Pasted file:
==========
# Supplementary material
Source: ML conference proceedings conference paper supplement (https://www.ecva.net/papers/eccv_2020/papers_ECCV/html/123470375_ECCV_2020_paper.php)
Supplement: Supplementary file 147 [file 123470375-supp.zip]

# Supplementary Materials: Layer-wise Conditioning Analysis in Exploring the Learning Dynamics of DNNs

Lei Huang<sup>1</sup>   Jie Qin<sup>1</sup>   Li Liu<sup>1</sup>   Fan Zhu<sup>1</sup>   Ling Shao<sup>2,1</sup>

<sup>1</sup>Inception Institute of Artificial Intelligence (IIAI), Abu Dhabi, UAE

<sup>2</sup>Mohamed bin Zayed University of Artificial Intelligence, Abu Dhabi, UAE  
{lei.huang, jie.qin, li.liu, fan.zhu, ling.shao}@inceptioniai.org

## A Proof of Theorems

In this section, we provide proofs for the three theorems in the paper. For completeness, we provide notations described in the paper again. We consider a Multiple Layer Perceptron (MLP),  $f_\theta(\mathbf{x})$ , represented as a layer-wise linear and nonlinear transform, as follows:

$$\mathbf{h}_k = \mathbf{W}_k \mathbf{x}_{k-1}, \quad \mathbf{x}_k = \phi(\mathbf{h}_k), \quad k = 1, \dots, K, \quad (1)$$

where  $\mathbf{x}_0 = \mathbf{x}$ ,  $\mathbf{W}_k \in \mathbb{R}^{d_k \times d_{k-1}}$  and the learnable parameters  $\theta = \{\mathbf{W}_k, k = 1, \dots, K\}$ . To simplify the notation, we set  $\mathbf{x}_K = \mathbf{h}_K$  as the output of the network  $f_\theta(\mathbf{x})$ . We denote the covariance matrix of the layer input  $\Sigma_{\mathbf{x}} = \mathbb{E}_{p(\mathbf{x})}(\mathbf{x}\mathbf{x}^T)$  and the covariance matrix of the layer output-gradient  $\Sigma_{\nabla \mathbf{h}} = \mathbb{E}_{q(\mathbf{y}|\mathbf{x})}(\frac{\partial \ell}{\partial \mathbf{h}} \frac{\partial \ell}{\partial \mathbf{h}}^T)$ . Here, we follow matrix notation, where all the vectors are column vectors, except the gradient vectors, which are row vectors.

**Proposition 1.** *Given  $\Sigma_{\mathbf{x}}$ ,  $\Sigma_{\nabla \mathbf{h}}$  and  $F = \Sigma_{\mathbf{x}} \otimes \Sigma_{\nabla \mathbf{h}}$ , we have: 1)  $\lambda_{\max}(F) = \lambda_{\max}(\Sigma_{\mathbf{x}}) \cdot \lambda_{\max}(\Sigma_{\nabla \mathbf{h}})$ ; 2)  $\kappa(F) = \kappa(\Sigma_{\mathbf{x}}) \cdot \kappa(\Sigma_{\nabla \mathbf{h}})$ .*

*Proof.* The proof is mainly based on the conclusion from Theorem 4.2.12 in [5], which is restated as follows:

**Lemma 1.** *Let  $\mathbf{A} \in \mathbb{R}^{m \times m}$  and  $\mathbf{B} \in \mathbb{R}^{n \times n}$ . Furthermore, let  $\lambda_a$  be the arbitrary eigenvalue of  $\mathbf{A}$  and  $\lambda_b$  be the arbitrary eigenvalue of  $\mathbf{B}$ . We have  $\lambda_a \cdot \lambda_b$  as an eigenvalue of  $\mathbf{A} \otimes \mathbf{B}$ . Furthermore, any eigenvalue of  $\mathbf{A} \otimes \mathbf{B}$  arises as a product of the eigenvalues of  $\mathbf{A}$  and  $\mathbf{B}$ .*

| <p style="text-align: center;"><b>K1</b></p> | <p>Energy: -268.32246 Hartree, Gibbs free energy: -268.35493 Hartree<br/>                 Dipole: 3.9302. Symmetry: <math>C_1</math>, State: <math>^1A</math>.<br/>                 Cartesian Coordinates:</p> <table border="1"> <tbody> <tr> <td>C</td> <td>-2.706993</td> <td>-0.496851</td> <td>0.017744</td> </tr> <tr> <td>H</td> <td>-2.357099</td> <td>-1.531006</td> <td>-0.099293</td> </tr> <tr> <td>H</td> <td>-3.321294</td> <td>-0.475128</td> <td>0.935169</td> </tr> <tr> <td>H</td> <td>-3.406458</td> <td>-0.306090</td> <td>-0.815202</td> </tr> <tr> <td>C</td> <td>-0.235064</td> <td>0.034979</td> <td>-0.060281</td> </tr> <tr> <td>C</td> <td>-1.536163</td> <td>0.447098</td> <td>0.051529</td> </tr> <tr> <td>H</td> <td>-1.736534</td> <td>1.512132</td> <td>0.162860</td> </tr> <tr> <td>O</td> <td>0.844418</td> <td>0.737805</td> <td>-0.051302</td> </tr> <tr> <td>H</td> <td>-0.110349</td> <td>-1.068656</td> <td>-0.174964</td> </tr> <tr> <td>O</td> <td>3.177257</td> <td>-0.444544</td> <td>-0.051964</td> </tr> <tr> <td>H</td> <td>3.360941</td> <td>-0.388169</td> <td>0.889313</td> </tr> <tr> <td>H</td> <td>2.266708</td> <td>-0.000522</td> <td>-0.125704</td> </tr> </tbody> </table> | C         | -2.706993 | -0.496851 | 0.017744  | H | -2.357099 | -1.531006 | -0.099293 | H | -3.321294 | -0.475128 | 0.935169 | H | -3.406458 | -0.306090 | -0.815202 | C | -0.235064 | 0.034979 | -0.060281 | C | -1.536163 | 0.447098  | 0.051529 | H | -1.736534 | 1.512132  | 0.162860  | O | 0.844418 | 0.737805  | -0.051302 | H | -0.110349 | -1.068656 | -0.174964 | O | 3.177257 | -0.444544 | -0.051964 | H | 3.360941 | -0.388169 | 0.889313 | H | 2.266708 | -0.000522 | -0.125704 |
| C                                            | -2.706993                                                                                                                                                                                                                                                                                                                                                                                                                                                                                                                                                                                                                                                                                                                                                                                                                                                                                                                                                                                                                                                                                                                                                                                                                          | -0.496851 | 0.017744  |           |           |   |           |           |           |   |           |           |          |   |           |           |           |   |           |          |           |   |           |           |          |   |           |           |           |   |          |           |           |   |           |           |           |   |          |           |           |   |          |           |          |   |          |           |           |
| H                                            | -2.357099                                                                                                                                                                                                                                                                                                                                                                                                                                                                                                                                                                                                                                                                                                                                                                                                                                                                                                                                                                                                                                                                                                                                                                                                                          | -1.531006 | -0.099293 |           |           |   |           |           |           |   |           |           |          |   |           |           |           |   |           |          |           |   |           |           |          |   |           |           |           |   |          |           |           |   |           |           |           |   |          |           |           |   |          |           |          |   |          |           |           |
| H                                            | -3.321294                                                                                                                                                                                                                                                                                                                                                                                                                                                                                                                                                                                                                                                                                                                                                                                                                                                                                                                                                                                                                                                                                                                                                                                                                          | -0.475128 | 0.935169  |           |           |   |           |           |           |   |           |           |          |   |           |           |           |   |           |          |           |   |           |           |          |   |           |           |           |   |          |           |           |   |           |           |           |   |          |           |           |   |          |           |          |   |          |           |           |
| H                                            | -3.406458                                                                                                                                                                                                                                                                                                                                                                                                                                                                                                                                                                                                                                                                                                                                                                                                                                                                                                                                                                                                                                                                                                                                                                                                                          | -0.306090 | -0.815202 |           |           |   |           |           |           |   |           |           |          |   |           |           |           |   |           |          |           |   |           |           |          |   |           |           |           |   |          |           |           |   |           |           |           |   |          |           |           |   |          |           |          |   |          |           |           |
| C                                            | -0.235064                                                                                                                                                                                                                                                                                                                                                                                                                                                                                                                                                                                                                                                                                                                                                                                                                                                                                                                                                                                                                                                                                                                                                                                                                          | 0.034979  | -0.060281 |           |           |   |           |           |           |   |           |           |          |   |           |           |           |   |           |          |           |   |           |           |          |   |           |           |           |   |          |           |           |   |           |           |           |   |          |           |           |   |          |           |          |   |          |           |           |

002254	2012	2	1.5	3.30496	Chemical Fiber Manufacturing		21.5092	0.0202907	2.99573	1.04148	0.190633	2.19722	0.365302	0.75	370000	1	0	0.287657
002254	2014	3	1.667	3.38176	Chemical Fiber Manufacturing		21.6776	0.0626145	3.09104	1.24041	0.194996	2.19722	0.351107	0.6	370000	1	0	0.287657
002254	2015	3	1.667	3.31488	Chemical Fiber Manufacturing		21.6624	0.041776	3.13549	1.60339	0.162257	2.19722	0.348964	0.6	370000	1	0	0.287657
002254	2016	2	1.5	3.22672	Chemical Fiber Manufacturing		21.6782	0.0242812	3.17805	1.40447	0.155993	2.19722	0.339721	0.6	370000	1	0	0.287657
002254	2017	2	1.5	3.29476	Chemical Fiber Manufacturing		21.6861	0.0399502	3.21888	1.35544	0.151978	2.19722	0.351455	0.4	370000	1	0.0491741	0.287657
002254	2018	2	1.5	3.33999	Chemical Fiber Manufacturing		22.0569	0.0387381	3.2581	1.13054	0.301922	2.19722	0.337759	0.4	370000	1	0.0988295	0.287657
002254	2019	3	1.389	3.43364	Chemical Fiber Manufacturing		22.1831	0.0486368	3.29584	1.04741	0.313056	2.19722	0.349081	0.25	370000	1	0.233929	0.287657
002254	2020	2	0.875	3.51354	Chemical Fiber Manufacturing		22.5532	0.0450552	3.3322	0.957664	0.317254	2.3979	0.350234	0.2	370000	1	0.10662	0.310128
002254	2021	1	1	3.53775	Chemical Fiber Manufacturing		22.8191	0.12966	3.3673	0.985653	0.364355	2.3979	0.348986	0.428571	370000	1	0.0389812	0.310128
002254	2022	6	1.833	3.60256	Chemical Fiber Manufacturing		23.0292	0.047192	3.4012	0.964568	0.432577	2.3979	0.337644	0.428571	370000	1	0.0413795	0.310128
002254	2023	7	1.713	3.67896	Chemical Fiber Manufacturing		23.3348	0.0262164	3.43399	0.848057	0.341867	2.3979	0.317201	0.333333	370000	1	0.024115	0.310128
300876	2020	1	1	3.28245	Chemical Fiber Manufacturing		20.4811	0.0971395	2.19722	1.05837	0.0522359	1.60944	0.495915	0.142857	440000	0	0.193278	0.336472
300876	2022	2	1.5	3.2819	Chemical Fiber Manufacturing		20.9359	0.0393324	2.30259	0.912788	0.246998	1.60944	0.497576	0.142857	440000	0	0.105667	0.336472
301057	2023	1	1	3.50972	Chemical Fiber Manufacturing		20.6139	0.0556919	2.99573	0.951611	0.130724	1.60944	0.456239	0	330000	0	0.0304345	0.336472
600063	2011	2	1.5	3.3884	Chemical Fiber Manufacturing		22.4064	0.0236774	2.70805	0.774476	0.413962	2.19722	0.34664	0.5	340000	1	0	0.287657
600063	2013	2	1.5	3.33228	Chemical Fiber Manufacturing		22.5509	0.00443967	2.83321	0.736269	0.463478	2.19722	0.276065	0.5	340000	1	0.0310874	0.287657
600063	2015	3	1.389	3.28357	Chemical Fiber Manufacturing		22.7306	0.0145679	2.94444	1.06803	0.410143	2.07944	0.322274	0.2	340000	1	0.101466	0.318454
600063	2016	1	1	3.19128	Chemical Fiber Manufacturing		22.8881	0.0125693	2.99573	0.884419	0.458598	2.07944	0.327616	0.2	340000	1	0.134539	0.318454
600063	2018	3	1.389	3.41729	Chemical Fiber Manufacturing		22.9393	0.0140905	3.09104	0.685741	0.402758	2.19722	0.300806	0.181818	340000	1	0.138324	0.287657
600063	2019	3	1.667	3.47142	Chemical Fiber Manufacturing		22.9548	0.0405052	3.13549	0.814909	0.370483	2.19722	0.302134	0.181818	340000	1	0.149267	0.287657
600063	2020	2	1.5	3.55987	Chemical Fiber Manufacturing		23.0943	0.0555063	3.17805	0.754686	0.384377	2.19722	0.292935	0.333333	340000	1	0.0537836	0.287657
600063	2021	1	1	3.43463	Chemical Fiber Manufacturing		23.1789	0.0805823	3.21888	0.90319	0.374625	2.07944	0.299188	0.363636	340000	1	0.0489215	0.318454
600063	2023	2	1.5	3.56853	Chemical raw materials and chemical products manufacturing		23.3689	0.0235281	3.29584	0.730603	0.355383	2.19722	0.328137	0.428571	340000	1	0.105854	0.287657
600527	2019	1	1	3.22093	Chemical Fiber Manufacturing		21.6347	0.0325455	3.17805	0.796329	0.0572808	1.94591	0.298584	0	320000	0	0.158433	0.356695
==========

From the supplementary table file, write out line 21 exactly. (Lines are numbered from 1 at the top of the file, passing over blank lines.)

| C                                            | -0.235064                                                                                                                                                                                                                                                                                                                                                                                                                                                                                                                                                                                                                                                                                                                                                                                                                                                                                                                                                                                                                                                                                                                                                                                                                          | 0.034979  | -0.060281 |           |           |   |           |           |           |   |           |           |          |   |           |           |           |   |           |          |           |   |           |           |          |   |           |           |           |   |          |           |           |   |           |           |           |   |          |           |           |   |          |           |          |   |          |           |           |